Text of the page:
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Rooting portions of a young pseudosporochnalean from the Catskill Delta complex of New York

Stein, William E., Berry, Christopher M. ORCID:, VanAller Hernick, Linda and Mannolini, Frank 2023. Rooting portions of a young pseudosporochnalean from the Catskill Delta complex of New York. International Journal of Plant Sciences 184 (8) , pp. 601-627. 10.1086/726108

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Premise of research. Pseudosporochnales (Cladoxylopsida) were conspicuous elements of the Earth’s earliest forests. Recent evidence has done much to clarify basic aspects of the pseudosporochnalean architecture, but important questions remain about the developmental processes responsible for growth from juvenile individuals to trees of sometimes considerable size. Methodology. Presented here is combined compression/permineralization evidence of a young member of the group from a late Devonian (early Frasnian) locality also containing Eospermatopteris (Wattieza), currently the largest reconstructed pseudosporochnalean tree. Standard pyrite preparations were made and analyzed with reflected light. Pivotal results. The anatomically preserved portion of the trunk with an expanded base lacking a central vascular column shows abundant evidence of appendages with apparent rooting function supplied by traces comprised of primary and often secondary xylem. Traces arise within parenchyma near the trunk center and follow lax courses with multiple divisions outward and downward to the surface, finally enveloping the plant base for some distance. In the upper portion of the specimen, likely near the transition between the base bearing rooting appendages and the aerial shoot, the traces form a vascular plexus toward the periphery of the stem, with the bulk of vascular tissues comprising secondary xylem. Similar but differently oriented vascularization also occurs near the base. Conclusions. Here we hypothesize a unique form of “bipolar” development in this specimen, and potentially all pseudosporochnaleans, by means of a trunk base bearing an appendicular system of positively geotropic rooting appendages. In addition, we hypothesize that diffuse meristematic activity of the base plus the vascular plexus may have a previously unrecognized role in the development of pseudosporochnaleans from the small specimen observed here to large body size. We also suggest that this tissue offers an explanation for the enigmatic genus Xenocladia known from tissue fragments of large size found in coeval marine sediments of New York State. Given current incomplete understanding of development within the Pseudosprochnales, considering the rooting system as sui generis confers the advantage of adequate description of this organ, without necessarily specifying correspondence or homology with other groups.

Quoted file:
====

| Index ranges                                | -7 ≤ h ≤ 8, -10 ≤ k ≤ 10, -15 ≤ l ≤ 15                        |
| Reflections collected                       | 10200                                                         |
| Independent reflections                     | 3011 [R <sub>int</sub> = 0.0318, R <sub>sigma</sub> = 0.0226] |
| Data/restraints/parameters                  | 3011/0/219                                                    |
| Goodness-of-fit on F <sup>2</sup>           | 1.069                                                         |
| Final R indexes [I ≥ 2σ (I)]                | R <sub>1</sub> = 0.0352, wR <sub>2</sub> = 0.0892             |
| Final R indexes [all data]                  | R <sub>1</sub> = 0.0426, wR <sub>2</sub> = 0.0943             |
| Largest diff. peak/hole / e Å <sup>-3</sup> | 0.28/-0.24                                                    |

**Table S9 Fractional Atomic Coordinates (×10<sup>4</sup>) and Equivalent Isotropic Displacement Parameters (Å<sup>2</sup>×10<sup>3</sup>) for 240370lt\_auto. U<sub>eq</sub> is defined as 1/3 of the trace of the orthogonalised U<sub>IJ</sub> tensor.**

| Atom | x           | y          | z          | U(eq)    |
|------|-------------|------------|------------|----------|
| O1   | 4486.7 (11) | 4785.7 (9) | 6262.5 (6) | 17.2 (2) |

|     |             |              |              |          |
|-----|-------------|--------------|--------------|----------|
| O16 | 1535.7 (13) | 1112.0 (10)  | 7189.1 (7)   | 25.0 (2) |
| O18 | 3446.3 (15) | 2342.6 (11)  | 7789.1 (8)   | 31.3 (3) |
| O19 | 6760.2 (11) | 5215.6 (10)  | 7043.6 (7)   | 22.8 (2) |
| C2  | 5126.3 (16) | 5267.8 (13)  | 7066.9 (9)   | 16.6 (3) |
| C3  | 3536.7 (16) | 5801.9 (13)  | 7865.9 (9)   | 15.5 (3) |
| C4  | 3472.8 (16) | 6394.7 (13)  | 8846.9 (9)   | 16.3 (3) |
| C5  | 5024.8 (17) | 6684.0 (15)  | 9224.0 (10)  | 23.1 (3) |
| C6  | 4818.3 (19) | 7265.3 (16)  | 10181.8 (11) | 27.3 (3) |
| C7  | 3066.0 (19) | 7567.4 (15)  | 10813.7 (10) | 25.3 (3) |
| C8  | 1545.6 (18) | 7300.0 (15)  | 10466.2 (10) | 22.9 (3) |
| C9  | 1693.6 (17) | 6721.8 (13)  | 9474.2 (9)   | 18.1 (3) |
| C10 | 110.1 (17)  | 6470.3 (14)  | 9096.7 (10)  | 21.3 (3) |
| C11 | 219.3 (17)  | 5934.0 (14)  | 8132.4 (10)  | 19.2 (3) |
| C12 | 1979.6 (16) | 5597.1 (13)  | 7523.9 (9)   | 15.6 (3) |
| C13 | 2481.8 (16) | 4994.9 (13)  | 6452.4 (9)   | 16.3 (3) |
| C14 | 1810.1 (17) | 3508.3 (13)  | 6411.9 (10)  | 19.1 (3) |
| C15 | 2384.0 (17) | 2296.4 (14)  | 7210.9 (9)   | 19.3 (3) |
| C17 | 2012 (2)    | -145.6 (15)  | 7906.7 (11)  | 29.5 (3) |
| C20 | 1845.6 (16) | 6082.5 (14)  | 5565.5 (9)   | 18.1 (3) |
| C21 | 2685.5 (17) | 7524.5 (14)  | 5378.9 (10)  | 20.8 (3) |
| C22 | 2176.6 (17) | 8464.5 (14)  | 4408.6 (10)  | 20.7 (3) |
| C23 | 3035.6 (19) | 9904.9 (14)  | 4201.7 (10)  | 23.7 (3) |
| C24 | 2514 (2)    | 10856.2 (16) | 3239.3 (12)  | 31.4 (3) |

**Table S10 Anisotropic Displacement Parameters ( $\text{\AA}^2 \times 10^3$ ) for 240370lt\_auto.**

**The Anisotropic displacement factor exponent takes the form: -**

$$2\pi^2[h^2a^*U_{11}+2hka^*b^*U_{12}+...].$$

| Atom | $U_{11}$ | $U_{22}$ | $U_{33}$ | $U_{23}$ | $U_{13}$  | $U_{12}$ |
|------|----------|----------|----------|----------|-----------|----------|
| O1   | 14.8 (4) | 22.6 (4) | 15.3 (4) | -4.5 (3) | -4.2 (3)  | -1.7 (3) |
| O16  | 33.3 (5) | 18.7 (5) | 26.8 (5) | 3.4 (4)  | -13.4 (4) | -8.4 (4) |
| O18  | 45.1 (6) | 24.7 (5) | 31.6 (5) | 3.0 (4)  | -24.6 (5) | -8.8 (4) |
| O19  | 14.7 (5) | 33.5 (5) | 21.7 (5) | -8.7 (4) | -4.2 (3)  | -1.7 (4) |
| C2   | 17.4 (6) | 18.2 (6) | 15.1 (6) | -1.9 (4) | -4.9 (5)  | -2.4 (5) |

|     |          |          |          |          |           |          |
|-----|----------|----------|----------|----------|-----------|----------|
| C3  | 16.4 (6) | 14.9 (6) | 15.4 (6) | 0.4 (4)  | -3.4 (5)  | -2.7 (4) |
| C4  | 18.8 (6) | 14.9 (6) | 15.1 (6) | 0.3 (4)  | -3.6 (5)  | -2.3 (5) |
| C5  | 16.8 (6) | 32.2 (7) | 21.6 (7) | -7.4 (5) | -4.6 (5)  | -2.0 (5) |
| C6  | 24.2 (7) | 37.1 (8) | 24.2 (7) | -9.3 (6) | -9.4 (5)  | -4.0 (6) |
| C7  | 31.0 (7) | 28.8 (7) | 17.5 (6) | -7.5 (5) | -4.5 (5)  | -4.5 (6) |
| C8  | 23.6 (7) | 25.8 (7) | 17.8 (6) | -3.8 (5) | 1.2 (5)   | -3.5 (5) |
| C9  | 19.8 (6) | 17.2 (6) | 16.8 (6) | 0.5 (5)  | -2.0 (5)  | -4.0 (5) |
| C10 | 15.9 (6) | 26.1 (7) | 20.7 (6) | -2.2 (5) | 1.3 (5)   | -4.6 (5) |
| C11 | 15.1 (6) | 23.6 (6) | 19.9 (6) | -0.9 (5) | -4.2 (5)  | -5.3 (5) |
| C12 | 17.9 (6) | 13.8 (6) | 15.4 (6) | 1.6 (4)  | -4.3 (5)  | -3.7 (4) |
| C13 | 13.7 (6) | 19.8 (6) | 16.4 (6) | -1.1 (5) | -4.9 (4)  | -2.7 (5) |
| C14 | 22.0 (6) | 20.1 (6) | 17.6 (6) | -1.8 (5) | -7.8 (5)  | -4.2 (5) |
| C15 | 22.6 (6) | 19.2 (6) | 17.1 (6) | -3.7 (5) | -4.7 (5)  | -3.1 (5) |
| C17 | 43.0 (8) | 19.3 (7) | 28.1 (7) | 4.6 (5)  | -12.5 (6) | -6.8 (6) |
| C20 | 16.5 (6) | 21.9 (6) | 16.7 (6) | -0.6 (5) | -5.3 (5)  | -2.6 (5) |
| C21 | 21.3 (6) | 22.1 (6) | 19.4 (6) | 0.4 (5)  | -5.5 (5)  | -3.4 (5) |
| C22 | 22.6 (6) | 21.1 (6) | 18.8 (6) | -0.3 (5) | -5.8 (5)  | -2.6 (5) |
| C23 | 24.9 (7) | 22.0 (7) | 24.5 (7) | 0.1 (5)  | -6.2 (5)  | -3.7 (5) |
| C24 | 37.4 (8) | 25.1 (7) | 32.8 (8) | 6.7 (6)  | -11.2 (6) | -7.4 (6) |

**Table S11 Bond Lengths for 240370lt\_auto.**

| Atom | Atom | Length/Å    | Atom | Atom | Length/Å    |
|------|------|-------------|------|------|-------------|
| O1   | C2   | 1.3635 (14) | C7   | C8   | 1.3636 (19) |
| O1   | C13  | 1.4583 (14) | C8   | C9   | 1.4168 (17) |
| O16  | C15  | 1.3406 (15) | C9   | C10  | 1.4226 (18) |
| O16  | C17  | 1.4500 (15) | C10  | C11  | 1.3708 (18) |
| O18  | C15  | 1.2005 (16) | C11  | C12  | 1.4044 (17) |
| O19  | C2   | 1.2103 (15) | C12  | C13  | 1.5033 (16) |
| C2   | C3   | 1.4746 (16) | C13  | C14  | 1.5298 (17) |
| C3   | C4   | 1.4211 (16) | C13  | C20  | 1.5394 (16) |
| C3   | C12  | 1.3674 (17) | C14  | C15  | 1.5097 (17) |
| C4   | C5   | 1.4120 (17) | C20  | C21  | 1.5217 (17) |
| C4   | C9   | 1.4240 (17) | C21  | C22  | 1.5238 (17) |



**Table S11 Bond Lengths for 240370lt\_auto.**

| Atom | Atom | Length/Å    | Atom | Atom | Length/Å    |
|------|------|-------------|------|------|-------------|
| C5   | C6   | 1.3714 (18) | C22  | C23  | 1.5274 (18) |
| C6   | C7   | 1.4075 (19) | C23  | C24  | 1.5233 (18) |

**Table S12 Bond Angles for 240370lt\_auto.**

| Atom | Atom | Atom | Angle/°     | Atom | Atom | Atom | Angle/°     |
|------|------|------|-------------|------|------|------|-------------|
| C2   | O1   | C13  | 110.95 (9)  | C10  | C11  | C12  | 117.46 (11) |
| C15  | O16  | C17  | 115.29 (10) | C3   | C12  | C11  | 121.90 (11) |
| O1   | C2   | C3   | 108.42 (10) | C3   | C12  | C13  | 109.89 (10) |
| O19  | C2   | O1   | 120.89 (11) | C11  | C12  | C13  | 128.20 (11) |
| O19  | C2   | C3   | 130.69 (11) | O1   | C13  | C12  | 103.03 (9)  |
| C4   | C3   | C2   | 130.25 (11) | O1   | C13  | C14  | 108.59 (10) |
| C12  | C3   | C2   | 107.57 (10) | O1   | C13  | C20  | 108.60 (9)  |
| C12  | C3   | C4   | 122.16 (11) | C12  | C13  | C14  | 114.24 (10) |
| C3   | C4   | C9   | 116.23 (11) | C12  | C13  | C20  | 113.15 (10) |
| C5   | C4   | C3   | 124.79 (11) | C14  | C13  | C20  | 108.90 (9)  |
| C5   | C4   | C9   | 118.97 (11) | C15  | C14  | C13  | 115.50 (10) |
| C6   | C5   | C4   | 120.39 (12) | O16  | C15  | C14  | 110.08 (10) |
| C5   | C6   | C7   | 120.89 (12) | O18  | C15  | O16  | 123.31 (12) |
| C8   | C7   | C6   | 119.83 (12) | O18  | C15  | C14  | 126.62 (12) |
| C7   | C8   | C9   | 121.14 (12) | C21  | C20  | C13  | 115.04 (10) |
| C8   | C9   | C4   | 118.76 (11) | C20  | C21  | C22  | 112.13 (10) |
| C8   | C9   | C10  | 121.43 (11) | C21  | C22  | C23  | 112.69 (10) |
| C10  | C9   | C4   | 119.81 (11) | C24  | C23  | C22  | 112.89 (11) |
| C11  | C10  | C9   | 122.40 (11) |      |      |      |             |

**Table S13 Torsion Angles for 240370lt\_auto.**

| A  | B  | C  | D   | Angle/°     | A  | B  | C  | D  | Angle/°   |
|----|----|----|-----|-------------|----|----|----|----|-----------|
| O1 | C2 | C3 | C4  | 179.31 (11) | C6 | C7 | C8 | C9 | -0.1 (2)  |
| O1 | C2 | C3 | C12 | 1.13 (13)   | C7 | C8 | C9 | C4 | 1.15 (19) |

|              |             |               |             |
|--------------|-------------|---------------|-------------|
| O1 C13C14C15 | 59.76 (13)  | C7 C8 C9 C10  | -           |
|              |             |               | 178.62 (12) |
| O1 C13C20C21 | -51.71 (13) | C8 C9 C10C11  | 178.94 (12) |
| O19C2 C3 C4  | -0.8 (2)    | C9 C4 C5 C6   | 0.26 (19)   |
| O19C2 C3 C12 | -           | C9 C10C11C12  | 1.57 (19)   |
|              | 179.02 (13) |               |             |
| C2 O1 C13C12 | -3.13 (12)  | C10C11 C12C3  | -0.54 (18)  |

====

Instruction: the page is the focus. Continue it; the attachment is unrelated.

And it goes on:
Item Type: Article
Date Type: Publication
Status: Published
Schools: Earth and Environmental Sciences
Publisher: University of Chicago Press
ISSN: 1058-5893
Date of First Compliant Deposit: 8 June 2023
Date of Acceptance: 17 May 2023
Last Modified: 17 May 2024 16:19

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